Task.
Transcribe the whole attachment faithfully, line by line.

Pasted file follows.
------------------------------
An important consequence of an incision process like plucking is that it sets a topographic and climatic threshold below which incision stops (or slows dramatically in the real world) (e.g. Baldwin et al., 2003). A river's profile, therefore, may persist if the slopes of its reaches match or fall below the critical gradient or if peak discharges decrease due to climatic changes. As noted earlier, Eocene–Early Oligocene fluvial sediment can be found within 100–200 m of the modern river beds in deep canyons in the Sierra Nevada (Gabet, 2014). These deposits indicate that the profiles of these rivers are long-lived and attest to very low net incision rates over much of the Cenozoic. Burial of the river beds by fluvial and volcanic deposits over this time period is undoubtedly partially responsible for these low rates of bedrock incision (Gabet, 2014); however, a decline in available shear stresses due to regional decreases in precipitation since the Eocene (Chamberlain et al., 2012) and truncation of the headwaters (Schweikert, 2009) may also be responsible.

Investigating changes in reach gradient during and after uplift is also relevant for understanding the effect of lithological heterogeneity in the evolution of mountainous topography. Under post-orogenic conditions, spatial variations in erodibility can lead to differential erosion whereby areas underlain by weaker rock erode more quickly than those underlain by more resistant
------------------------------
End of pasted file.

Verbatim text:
An important consequence of an incision process like plucking is that it sets a topographic and climatic threshold below which incision stops (or slows dramatically in the real world) (e.g. Baldwin et al., 2003). A river's profile, therefore, may persist if the slopes of its reaches match or fall below the critical gradient or if peak discharges decrease due to climatic changes. As noted earlier, Eocene–Early Oligocene fluvial sediment can be found within 100–200 m of the modern river beds in deep canyons in the Sierra Nevada (Gabet, 2014). These deposits indicate that the profiles of these rivers are long-lived and attest to very low net incision rates over much of the Cenozoic. Burial of the river beds by fluvial and volcanic deposits over this time period is undoubtedly partially responsible for these low rates of bedrock incision (Gabet, 2014); however, a decline in available shear stresses due to regional decreases in precipitation since the Eocene (Chamberlain et al., 2012) and truncation of the headwaters (Schweikert, 2009) may also be responsible.

Investigating changes in reach gradient during and after uplift is also relevant for understanding the effect of lithological heterogeneity in the evolution of mountainous topography. Under post-orogenic conditions, spatial variations in erodibility can lead to differential erosion whereby areas underlain by weaker rock erode more quickly than those underlain by more resistant